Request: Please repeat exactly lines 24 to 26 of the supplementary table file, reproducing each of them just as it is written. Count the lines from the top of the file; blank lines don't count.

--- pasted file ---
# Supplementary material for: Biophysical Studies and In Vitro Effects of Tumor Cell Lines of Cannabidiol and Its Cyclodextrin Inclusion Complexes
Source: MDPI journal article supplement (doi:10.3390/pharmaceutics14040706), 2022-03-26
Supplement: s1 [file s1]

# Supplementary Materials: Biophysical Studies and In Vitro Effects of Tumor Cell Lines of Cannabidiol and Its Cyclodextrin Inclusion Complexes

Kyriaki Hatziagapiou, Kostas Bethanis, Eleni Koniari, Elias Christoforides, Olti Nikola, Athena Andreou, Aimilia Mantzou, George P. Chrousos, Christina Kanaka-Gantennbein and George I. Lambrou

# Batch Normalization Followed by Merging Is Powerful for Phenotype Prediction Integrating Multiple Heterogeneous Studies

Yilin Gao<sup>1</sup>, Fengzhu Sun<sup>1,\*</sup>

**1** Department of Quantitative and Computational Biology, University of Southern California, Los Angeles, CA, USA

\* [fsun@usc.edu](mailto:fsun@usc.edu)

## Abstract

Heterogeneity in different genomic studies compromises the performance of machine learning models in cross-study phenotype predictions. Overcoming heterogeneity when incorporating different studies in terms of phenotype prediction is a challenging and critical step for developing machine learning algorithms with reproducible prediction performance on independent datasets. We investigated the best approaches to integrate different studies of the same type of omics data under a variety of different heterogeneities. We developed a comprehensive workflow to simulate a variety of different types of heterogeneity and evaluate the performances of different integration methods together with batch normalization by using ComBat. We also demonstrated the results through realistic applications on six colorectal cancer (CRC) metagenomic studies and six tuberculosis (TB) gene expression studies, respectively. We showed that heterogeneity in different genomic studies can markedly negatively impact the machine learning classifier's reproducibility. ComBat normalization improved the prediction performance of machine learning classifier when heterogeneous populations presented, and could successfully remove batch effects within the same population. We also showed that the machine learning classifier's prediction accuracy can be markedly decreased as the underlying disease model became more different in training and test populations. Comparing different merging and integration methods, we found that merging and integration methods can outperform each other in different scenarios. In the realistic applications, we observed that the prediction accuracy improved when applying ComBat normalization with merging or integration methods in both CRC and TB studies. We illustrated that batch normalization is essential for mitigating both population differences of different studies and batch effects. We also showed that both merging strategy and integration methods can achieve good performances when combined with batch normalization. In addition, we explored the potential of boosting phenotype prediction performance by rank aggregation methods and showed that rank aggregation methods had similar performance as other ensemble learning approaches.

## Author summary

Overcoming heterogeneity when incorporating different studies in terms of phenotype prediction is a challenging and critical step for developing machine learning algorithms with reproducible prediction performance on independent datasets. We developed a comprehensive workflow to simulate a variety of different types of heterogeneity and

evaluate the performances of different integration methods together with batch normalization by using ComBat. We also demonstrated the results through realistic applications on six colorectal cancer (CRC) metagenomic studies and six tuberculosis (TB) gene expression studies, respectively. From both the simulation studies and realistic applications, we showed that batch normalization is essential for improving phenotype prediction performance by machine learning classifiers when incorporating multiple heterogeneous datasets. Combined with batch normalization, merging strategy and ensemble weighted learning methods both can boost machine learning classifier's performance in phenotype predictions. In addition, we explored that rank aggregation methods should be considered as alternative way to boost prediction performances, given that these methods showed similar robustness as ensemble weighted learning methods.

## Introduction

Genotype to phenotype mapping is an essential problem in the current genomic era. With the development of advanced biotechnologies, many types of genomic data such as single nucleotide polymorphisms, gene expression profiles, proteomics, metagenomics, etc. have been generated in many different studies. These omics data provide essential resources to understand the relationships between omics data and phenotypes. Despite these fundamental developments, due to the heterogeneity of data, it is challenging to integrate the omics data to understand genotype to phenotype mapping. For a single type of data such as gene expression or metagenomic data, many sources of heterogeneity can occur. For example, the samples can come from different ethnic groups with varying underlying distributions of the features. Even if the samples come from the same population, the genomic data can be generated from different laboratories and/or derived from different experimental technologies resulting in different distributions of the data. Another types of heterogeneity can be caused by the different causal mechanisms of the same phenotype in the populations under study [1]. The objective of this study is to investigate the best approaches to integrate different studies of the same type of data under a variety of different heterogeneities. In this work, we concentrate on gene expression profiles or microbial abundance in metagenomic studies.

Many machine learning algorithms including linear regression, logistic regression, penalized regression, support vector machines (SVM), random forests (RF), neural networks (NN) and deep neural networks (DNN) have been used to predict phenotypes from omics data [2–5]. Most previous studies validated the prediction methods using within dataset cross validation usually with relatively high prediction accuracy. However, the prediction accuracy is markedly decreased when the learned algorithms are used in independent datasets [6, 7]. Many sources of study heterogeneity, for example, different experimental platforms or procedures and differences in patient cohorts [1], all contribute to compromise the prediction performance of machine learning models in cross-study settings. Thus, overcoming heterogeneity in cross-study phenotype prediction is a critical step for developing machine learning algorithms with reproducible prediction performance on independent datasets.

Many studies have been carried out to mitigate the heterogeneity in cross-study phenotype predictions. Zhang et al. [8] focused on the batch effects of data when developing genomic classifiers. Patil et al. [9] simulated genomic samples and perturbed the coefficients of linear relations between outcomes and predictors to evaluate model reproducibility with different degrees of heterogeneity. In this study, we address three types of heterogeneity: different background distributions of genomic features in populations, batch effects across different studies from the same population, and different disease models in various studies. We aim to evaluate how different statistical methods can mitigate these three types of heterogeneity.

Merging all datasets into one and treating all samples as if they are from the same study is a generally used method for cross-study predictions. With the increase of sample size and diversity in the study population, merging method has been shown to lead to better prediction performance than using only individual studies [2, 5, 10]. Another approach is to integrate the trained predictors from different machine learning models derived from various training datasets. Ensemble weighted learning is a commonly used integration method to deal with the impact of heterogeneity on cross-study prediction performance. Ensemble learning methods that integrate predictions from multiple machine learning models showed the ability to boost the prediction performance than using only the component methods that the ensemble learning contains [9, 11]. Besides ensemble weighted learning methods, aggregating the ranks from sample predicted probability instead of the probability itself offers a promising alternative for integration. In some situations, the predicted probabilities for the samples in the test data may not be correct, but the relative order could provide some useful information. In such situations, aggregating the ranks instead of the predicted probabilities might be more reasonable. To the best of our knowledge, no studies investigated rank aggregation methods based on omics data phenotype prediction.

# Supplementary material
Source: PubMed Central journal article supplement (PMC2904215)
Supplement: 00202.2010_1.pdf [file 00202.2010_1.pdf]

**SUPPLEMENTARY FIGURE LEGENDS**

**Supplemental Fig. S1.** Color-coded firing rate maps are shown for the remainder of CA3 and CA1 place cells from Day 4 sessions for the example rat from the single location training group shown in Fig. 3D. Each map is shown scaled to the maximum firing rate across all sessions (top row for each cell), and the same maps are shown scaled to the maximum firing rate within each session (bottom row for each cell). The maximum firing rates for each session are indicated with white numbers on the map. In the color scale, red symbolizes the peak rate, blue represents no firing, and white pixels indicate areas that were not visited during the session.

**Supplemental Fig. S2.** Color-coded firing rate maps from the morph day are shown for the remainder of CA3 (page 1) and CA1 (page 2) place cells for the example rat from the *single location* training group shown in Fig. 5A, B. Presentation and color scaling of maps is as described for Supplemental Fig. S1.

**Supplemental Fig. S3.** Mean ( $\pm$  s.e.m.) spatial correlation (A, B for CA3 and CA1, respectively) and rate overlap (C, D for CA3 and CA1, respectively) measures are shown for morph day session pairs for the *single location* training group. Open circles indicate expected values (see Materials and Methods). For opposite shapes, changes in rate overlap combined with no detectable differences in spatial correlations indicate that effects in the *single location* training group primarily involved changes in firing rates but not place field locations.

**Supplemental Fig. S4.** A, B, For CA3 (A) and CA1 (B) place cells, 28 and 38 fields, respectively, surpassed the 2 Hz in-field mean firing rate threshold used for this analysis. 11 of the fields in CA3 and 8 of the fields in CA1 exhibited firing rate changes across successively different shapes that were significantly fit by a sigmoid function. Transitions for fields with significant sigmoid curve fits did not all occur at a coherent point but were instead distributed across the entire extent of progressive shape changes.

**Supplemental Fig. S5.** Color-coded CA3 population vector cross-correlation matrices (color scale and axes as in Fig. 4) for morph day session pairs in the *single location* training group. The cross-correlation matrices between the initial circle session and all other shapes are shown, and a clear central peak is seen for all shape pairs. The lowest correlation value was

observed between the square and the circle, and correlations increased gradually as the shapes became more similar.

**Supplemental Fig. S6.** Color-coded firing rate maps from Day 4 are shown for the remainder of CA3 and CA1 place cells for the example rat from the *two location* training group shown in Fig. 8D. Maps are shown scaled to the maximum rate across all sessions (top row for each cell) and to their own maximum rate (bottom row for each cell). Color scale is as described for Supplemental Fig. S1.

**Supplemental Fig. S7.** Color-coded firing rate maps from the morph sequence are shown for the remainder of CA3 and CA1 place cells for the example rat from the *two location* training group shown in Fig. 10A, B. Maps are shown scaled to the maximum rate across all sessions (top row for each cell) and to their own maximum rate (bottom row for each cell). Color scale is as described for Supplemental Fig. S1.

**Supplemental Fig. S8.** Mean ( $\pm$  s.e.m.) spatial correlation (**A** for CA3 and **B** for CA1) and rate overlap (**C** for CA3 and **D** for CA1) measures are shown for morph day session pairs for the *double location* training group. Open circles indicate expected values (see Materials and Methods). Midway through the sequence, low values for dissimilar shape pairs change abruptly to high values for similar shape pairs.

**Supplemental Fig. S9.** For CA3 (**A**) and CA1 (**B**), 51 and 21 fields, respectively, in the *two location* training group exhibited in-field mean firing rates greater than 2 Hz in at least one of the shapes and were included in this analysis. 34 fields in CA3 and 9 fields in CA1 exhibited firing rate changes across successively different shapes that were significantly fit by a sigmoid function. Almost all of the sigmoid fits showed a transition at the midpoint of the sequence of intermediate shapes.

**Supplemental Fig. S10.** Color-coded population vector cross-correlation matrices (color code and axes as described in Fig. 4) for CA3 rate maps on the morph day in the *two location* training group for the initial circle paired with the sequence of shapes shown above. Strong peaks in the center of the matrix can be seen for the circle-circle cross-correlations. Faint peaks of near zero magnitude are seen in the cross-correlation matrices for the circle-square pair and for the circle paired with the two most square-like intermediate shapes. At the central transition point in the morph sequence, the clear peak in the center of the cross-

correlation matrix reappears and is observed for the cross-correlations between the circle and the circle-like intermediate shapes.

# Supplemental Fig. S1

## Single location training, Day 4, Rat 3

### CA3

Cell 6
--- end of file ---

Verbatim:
**Supplemental Fig. S1.** Color-coded firing rate maps are shown for the remainder of CA3 and CA1 place cells from Day 4 sessions for the example rat from the single location training group shown in Fig. 3D. Each map is shown scaled to the maximum firing rate across all sessions (top row for each cell), and the same maps are shown scaled to the maximum firing rate within each session (bottom row for each cell). The maximum firing rates for each session are indicated with white numbers on the map. In the color scale, red symbolizes the peak rate, blue represents no firing, and white pixels indicate areas that were not visited during the session.

**Supplemental Fig. S2.** Color-coded firing rate maps from the morph day are shown for the remainder of CA3 (page 1) and CA1 (page 2) place cells for the example rat from the *single location* training group shown in Fig. 5A, B. Presentation and color scaling of maps is as described for Supplemental Fig. S1.

**Supplemental Fig. S3.** Mean ( $\pm$  s.e.m.) spatial correlation (A, B for CA3 and CA1, respectively) and rate overlap (C, D for CA3 and CA1, respectively) measures are shown for morph day session pairs for the *single location* training group. Open circles indicate expected values (see Materials and Methods). For opposite shapes, changes in rate overlap combined with no detectable differences in spatial correlations indicate that effects in the *single location* training group primarily involved changes in firing rates but not place field locations.